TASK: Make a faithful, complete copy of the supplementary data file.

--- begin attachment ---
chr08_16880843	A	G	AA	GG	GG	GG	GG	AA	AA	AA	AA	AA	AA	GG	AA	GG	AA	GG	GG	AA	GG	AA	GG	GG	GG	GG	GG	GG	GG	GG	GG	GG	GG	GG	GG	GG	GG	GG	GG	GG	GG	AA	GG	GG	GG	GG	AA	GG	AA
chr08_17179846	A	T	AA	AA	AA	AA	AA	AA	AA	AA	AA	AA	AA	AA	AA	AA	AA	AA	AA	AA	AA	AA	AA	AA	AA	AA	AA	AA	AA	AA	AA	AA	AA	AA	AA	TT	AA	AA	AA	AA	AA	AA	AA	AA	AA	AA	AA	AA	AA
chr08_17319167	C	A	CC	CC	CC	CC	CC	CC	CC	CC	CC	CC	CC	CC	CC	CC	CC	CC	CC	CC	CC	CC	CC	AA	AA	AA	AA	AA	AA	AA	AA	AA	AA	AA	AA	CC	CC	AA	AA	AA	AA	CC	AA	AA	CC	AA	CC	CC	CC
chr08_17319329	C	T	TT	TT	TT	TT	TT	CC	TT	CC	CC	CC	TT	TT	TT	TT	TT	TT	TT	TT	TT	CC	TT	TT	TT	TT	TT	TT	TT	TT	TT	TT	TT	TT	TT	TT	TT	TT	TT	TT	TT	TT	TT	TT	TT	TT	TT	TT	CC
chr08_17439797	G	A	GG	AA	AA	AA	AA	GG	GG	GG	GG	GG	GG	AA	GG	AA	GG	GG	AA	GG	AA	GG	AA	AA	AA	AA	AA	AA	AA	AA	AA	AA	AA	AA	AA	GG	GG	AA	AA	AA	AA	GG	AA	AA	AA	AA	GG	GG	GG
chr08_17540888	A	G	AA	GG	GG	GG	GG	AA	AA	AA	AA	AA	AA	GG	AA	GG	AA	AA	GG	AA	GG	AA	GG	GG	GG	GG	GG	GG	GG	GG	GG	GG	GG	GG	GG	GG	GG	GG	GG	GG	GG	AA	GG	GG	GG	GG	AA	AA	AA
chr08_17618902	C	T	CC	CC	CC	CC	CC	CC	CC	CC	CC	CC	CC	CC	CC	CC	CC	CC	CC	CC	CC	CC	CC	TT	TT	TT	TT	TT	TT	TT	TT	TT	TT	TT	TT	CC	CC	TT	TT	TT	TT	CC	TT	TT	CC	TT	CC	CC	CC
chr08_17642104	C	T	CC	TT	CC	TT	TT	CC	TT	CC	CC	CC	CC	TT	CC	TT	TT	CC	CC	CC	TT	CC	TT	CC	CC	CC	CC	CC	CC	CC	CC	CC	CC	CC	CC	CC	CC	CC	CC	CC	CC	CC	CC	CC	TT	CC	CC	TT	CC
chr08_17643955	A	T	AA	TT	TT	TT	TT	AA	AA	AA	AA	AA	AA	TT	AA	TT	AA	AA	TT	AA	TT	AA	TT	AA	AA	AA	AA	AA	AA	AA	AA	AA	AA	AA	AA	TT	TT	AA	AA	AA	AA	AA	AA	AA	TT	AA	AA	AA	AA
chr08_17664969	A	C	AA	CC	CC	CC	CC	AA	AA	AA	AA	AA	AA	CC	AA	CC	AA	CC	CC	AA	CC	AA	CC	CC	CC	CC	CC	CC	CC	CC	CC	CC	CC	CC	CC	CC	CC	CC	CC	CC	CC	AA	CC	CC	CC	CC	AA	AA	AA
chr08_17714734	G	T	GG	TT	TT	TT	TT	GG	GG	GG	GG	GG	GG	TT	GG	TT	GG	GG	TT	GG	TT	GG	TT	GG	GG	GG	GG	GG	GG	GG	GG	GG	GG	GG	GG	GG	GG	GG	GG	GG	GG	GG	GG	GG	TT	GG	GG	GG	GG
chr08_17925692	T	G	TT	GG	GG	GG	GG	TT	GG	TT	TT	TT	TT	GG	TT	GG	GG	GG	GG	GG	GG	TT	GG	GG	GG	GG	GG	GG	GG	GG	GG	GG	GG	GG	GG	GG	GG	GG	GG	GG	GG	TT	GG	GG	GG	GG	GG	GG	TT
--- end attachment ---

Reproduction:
chr08_16880843	A	G	AA	GG	GG	GG	GG	AA	AA	AA	AA	AA	AA	GG	AA	GG	AA	GG	GG	AA	GG	AA	GG	GG	GG	GG	GG	GG	GG	GG	GG	GG	GG	GG	GG	GG	GG	GG	GG	GG	GG	AA	GG	GG	GG	GG	AA	GG	AA
chr08_17179846	A	T	AA	AA	AA	AA	AA	AA	AA	AA	AA	AA	AA	AA	AA	AA	AA	AA	AA	AA	AA	AA	AA	AA	AA	AA	AA	AA	AA	AA	AA	AA	AA	AA	AA	TT	AA	AA	AA	AA	AA	AA	AA	AA	AA	AA	AA	AA	AA
chr08_17319167	C	A	CC	CC	CC	CC	CC	CC	CC	CC	CC	CC	CC	CC	CC	CC	CC	CC	CC	CC	CC	CC	CC	AA	AA	AA	AA	AA	AA	AA	AA	AA	AA	AA	AA	CC	CC	AA	AA	AA	AA	CC	AA	AA	CC	AA	CC	CC	CC
chr08_17319329	C	T	TT	TT	TT	TT	TT	CC	TT	CC	CC	CC	TT	TT	TT	TT	TT	TT	TT	TT	TT	CC	TT	TT	TT	TT	TT	TT	TT	TT	TT	TT	TT	TT	TT	TT	TT	TT	TT	TT	TT	TT	TT	TT	TT	TT	TT	TT	CC
chr08_17439797	G	A	GG	AA	AA	AA	AA	GG	GG	GG	GG	GG	GG	AA	GG	AA	GG	GG	AA	GG	AA	GG	AA	AA	AA	AA	AA	AA	AA	AA	AA	AA	AA	AA	AA	GG	GG	AA	AA	AA	AA	GG	AA	AA	AA	AA	GG	GG	GG
chr08_17540888	A	G	AA	GG	GG	GG	GG	AA	AA	AA	AA	AA	AA	GG	AA	GG	AA	AA	GG	AA	GG	AA	GG	GG	GG	GG	GG	GG	GG	GG	GG	GG	GG	GG	GG	GG	GG	GG	GG	GG	GG	AA	GG	GG	GG	GG	AA	AA	AA
chr08_17618902	C	T	CC	CC	CC	CC	CC	CC	CC	CC	CC	CC	CC	CC	CC	CC	CC	CC	CC	CC	CC	CC	CC	TT	TT	TT	TT	TT	TT	TT	TT	TT	TT	TT	TT	CC	CC	TT	TT	TT	TT	CC	TT	TT	CC	TT	CC	CC	CC
chr08_17642104	C	T	CC	TT	CC	TT	TT	CC	TT	CC	CC	CC	CC	TT	CC	TT	TT	CC	CC	CC	TT	CC	TT	CC	CC	CC	CC	CC	CC	CC	CC	CC	CC	CC	CC	CC	CC	CC	CC	CC	CC	CC	CC	CC	TT	CC	CC	TT	CC
chr08_17643955	A	T	AA	TT	TT	TT	TT	AA	AA	AA	AA	AA	AA	TT	AA	TT	AA	AA	TT	AA	TT	AA	TT	AA	AA	AA	AA	AA	AA	AA	AA	AA	AA	AA	AA	TT	TT	AA	AA	AA	AA	AA	AA	AA	TT	AA	AA	AA	AA
chr08_17664969	A	C	AA	CC	CC	CC	CC	AA	AA	AA	AA	AA	AA	CC	AA	CC	AA	CC	CC	AA	CC	AA	CC	CC	CC	CC	CC	CC	CC	CC	CC	CC	CC	CC	CC	CC	CC	CC	CC	CC	CC	AA	CC	CC	CC	CC	AA	AA	AA
chr08_17714734	G	T	GG	TT	TT	TT	TT	GG	GG	GG	GG	GG	GG	TT	GG	TT	GG	GG	TT	GG	TT	GG	TT	GG	GG	GG	GG	GG	GG	GG	GG	GG	GG	GG	GG	GG	GG	GG	GG	GG	GG	GG	GG	GG	TT	GG	GG	GG	GG
chr08_17925692	T	G	TT	GG	GG	GG	GG	TT	GG	TT	TT	TT	TT	GG	TT	GG	GG	GG	GG	GG	GG	TT	GG	GG	GG	GG	GG	GG	GG	GG	GG	GG	GG	GG	GG	GG	GG	GG	GG	GG	GG	TT	GG	GG	GG	GG	GG	GG	TT